Definition of acrid in English:

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Pronunciation: /ˈakrəd/


1Having an irritatingly strong and unpleasant taste or smell: acrid fumes
More example sentences
  • Smith, who lives above the damaged flat, said the hallway had been filled with smoke and an acrid smell of burning.
  • The air possessed a pungent, acrid smell because the cigarette had burned through a filter stub in the overflowing ashtray.
  • The television screen cracked and blew out, smoke and the acrid smell of burning rubber spilling from it.
pungent, bitter, sharp, sour, tart, caustic, harsh, irritating, acid, acidic, vinegary, acetic, acetous;
stinging, burning
1.1Angry and bitter: an acrid farewell



Pronunciation: /əˈkridədē/
Example sentences
  • Whatsoever essence it derives from earth or water, all that conduces to its bitterness, its acridity, its unpleasantness.
  • Everything good in nature and the world is in that moment of transition, when the swarthy juices still flow plentifully from nature, but their astringency or acridity is got out by ethics and humanity ’.
  • I was surprised by the acridity of my own response.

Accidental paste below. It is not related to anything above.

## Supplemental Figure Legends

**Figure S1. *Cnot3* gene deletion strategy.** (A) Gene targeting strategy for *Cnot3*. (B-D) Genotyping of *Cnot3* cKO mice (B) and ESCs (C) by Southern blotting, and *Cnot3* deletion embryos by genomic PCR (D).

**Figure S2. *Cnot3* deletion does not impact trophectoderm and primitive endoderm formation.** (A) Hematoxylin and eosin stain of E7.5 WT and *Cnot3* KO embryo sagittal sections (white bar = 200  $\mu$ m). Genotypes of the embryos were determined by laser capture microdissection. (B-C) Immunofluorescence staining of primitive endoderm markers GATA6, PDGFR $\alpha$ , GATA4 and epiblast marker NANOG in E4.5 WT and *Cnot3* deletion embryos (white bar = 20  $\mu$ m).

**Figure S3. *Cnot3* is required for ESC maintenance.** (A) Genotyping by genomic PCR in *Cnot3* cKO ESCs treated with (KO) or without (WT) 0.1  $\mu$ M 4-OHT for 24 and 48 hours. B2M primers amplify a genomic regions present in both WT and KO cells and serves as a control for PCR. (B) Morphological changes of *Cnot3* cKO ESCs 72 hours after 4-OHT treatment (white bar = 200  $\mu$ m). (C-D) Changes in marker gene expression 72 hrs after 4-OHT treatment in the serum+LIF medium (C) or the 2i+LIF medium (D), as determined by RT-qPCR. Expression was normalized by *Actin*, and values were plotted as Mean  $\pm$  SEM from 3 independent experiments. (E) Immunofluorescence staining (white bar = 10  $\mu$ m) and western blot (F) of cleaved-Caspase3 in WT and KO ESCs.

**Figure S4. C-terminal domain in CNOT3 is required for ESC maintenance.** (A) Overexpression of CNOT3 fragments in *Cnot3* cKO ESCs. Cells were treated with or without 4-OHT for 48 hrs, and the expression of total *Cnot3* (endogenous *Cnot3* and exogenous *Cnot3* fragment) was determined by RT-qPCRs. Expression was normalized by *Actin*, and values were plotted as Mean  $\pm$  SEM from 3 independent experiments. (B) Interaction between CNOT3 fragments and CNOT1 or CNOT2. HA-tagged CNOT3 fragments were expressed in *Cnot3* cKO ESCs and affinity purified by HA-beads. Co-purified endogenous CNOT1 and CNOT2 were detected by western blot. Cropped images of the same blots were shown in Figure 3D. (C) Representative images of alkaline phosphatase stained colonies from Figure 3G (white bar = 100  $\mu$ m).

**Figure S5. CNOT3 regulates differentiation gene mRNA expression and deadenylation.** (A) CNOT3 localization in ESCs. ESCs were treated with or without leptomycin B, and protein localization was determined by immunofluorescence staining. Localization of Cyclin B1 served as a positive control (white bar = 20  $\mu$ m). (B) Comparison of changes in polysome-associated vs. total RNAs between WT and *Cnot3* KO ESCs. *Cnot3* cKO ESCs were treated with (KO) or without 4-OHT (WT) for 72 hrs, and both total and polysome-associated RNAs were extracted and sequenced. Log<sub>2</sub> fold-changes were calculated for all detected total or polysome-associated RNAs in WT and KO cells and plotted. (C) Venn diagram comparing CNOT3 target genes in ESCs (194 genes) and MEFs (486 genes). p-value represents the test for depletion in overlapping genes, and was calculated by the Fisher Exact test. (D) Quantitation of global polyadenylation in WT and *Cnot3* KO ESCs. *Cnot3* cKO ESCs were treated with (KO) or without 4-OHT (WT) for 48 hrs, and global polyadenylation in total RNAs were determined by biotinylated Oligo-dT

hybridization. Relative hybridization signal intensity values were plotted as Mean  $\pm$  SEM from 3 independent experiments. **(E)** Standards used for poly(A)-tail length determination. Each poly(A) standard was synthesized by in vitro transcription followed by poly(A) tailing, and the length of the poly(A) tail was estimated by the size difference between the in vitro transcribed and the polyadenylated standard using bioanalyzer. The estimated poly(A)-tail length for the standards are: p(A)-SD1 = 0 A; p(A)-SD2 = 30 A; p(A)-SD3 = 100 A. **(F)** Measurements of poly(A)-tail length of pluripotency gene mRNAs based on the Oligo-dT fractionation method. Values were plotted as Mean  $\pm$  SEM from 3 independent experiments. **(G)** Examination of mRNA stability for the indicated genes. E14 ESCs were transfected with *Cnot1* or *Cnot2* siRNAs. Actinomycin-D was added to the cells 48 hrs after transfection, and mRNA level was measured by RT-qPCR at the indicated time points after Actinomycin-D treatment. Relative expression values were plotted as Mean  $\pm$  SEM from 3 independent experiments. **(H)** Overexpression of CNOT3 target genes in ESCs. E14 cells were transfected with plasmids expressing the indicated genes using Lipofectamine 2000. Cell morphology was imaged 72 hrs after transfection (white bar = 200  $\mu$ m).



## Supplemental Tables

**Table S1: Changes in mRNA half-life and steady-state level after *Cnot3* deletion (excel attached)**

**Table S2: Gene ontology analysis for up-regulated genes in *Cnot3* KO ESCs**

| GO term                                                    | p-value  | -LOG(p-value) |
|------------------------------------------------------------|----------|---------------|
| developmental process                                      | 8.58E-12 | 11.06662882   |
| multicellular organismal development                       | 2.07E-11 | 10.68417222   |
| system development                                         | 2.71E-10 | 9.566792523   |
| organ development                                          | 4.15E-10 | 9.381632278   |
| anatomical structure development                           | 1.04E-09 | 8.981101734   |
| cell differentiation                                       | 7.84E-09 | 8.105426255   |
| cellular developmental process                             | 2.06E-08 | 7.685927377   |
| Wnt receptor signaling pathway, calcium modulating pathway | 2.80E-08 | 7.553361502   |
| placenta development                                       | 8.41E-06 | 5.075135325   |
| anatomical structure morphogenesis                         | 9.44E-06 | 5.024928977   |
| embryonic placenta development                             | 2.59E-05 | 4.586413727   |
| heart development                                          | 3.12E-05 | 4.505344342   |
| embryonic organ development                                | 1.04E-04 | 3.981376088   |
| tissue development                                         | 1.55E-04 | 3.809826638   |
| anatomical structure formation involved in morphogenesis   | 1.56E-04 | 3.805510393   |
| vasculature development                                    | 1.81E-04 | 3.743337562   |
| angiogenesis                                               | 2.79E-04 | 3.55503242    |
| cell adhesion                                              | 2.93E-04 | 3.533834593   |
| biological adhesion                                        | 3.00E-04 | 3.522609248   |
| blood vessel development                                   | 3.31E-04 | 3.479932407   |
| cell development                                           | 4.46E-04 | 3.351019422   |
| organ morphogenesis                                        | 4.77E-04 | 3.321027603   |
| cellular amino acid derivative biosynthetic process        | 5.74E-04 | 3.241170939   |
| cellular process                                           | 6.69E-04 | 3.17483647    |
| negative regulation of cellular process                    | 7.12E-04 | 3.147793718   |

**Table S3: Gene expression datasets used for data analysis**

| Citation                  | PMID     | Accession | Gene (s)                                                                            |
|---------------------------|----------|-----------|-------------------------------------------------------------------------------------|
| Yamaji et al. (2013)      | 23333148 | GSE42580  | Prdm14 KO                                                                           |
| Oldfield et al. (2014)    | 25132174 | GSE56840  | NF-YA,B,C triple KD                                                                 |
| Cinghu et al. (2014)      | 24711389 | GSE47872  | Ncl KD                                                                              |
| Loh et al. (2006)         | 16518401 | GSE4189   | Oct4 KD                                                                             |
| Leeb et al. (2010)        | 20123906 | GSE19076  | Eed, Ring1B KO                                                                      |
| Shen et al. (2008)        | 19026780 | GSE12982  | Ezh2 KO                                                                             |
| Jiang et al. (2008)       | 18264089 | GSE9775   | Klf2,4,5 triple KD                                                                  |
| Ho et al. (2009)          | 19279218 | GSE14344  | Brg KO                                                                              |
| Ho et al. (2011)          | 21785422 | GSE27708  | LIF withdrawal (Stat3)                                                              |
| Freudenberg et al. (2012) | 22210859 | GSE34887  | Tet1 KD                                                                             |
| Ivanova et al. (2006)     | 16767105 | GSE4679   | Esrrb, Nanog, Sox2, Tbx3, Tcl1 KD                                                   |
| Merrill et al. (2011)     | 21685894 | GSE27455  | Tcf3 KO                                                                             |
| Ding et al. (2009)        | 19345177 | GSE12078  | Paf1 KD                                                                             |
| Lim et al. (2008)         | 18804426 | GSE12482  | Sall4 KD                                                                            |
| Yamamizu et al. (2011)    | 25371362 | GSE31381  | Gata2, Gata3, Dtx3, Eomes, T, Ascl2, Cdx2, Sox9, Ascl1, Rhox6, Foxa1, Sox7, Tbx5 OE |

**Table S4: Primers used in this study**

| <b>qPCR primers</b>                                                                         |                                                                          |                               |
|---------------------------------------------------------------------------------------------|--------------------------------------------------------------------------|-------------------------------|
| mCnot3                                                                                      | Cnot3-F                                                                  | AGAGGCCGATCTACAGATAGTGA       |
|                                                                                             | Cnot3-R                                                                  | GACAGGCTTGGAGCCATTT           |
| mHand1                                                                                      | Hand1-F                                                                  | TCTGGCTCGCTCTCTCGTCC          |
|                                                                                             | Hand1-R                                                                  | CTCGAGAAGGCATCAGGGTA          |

Example sentences
  • Howson has a studio on the top floor, a big, bright, airy space that smells acridly of institutional disinfectant.
  • ‘Well isn't this just great,’ she said acridly, ‘I'm stuck in a hole with someone who wants to kill me.’
  • The following year he climbed Paricutin, a Mexican volcano, and distributed 450 pounds of bread along its acridly steaming rim.


Early 18th century: formed irregularly from Latin acer, acri- 'sharp, pungent' + -id1, probably influenced by acid.

  • acid from early 17th century:

    Acid originally meant ‘sour-tasting’ and came from Latin acidus. The term seems to have been introduced by the scientist Francis Bacon, who in 1626 described sorrel as ‘a cold and acid herb’. The chemical sense developed at the end of that century because most common acids taste sour. The acid test was originally a method of testing for gold using nitric acid. An object made of gold will show no sign of corrosion if immersed in nitric acid, unlike one made of another metal. By the late 19th century the expression had come to mean any situation that proves a person's or thing's quality. The Australian expression put the acid on, meaning ‘to extract a loan or favour from’, comes from acid test—the would-be borrower is seen as ‘testing’ their victim for resistance or weakness. Acrid (early 18th century) is from the related Latin acer ‘sharp, pungent’ with spelling influenced by acid.

For editors and proofreaders

Syllabification: ac·rid

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